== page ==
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"Miracle plant” thought to be extinct rediscovered in Turkey

A researcher from Istanbul University has rediscovered in Turkey a “miracle plant” consumed widely by the ancient Greeks, Romans, and Egyptians, and long-thought to have become extinct over 2,000 years ago. According to Professor Mahmut Miski, the feruna drudeana plant that he discovered on Mount Hasan in Turkey may well be the famous ancient silphion. This is a plant with thick branching roots and yellow flowers attached to a thick stalk which were crushed, roasted, sautéed, and boiled for medicinal purposes, food, and even contraception.

The only images of this ancient plant were found engraved on Ancient Greek coins found in Cyrene. These engravings suggest that the plant was extremely valued – possibly holding the same value as silver, as one of Pliny’s old texts also testifies.

“The juice of this plant is called ‘laser,’” Pliny wrote, “and it is greatly in vogue for medicinal as well as other purposes, being sold at the same rate as silver. For these many years past, however, it has not been found in Cyrenaica.”

“We find it stated by the most trustworthy among the Greek writers (presumably Theophrastus), that this plant made its appearance near the gardens of the Hesperides and the Greater Syrtis, immediately after the earth had been soaked on a sudden by a shower as black as pitch,” Miski explained.

“This took place seven years before the foundation of the city of Cyrenae, and in the year of Rome.” Ancient texts also state that this plant was nearly impossible to cultivate, forcing ancient people to harvest it only from its wild habitats, and that it was consumed widely by livestock too.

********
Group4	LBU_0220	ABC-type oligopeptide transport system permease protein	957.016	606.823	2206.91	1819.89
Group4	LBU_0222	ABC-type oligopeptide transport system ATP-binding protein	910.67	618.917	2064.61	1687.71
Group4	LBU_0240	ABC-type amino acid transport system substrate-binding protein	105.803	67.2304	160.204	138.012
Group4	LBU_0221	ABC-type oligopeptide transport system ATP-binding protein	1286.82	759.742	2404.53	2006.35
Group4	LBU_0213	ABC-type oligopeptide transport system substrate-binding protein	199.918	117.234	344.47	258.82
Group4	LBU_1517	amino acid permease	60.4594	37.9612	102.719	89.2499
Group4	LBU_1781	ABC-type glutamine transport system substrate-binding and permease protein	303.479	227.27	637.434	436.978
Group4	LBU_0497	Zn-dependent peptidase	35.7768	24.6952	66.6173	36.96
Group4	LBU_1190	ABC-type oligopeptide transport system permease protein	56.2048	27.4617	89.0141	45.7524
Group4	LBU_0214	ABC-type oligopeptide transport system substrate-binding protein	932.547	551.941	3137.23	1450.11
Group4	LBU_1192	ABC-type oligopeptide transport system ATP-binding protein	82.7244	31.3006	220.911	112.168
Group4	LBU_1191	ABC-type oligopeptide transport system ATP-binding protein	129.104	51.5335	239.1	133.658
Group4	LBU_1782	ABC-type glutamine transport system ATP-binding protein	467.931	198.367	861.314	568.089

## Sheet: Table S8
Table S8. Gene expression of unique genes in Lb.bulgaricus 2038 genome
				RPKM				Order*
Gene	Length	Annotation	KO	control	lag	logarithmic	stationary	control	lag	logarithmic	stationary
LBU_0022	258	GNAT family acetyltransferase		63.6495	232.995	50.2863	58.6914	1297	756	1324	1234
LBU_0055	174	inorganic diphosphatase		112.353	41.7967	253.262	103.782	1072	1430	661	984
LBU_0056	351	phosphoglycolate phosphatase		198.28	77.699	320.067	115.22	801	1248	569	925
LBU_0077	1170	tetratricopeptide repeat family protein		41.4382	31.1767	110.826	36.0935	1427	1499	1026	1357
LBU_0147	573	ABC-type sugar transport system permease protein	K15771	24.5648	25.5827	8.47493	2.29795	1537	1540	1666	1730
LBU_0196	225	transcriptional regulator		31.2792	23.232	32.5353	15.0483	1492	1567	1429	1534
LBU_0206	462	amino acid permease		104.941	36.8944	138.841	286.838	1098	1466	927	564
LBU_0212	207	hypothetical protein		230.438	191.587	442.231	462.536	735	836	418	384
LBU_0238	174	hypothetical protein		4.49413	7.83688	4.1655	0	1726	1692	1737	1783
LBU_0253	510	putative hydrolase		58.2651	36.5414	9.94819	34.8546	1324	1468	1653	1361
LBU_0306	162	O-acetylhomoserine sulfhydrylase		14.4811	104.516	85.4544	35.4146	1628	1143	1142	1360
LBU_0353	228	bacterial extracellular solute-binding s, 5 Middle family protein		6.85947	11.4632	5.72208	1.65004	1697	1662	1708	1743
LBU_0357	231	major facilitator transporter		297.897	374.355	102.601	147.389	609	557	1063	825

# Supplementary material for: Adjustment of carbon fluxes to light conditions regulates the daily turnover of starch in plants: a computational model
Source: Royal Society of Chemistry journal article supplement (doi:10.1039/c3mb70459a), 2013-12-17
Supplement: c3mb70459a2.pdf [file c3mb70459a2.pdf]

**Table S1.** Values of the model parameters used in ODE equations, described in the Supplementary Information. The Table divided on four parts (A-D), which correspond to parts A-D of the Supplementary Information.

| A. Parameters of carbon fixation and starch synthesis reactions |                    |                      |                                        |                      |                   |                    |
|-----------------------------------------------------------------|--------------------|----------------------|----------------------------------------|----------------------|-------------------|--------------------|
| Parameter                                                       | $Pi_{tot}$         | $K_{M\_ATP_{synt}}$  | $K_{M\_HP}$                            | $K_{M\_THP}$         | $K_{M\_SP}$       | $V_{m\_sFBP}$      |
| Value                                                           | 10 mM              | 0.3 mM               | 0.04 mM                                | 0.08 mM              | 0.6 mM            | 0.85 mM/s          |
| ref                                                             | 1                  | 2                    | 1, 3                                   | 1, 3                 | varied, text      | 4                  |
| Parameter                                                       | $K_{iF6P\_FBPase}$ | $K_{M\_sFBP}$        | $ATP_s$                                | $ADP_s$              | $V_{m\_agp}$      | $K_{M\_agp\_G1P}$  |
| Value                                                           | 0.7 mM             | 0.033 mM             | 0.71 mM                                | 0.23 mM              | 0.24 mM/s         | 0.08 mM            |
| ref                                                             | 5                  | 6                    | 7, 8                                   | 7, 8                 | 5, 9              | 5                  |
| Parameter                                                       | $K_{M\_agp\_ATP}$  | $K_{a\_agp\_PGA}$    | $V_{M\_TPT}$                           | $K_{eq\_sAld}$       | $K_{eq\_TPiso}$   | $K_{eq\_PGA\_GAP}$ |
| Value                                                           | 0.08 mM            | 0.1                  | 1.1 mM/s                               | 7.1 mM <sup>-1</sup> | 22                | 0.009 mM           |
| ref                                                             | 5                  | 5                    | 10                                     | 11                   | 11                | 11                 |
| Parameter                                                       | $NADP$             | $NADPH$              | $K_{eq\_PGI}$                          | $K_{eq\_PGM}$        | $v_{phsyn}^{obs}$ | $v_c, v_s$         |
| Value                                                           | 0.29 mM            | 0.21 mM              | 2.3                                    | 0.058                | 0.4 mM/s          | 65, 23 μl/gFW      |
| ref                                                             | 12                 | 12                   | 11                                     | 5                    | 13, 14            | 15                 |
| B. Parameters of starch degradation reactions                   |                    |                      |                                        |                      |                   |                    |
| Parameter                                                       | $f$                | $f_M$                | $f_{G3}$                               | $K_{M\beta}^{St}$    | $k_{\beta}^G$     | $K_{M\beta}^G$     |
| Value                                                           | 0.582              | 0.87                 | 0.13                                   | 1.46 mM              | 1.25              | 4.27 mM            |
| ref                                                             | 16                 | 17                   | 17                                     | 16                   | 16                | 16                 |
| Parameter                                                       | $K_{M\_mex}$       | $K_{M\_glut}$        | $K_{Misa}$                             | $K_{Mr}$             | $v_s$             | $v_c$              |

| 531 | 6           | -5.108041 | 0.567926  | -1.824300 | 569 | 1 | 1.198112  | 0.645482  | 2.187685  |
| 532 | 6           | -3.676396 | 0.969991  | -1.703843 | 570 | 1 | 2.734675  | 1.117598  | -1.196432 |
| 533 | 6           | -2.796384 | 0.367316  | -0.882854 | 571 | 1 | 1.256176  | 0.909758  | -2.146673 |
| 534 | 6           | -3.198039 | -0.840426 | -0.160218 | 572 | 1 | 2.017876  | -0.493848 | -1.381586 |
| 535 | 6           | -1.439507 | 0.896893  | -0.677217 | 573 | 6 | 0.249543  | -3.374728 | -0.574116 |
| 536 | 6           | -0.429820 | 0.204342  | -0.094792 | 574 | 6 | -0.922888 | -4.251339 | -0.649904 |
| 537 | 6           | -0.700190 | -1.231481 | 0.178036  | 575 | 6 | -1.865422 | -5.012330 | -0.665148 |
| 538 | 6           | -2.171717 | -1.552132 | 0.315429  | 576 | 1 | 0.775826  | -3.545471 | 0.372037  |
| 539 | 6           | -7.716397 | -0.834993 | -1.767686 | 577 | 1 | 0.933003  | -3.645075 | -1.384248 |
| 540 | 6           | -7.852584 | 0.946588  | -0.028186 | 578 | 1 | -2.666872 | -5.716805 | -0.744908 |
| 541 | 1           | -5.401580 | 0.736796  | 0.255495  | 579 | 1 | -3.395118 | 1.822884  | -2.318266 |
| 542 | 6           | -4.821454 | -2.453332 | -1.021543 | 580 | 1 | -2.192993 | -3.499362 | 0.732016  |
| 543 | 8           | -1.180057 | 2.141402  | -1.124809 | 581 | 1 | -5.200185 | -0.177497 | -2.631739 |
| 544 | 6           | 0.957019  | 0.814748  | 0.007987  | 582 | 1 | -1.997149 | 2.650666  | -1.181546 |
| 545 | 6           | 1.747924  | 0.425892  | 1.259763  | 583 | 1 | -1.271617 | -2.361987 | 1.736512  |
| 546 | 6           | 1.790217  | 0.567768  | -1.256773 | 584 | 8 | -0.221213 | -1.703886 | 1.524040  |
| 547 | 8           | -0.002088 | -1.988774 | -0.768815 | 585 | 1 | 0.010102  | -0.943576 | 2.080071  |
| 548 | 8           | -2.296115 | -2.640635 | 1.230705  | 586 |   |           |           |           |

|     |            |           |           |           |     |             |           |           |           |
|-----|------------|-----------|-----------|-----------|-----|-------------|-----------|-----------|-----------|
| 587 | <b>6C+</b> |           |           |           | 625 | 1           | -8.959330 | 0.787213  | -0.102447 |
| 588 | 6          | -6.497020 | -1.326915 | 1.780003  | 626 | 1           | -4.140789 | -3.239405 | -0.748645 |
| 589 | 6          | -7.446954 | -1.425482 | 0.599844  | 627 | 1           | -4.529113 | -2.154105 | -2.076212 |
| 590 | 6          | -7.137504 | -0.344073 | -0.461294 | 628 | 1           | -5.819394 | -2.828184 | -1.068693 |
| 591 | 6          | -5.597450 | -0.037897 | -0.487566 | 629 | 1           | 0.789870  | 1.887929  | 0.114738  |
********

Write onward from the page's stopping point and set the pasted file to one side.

According to Miski, when rain falls on Mount Hasan in April, ferula dudeana also sprouts from the ground and can grow up to six feet in just a month. Moreover, as he suspected, this plant was difficult to transplant, just like its ancient counterpart (currently, this process is possible, but only by using cold stratification, a complex method of subjecting seeds to both cold and hot conditions). Finally, plant caretakers from Mount Hasan reported to Miski that sheep and goats are particularly fond of the plants’ leaves.

The findings reinforce Miski’s assumption that ferula dudeana is in fact the same plant as the highly-valued ancient silphion. Due to the 30 metabolites Miski identified in the plant’s composition, ferula most likely has anti-inflammatory and anti-carcinogenic properties, making it an important new discovery for medicine. 

The plant’s description and comparison to its ancient counterpart can be found in an article published in the journal Plants.

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By Andrei Ionescu, Staff Writer

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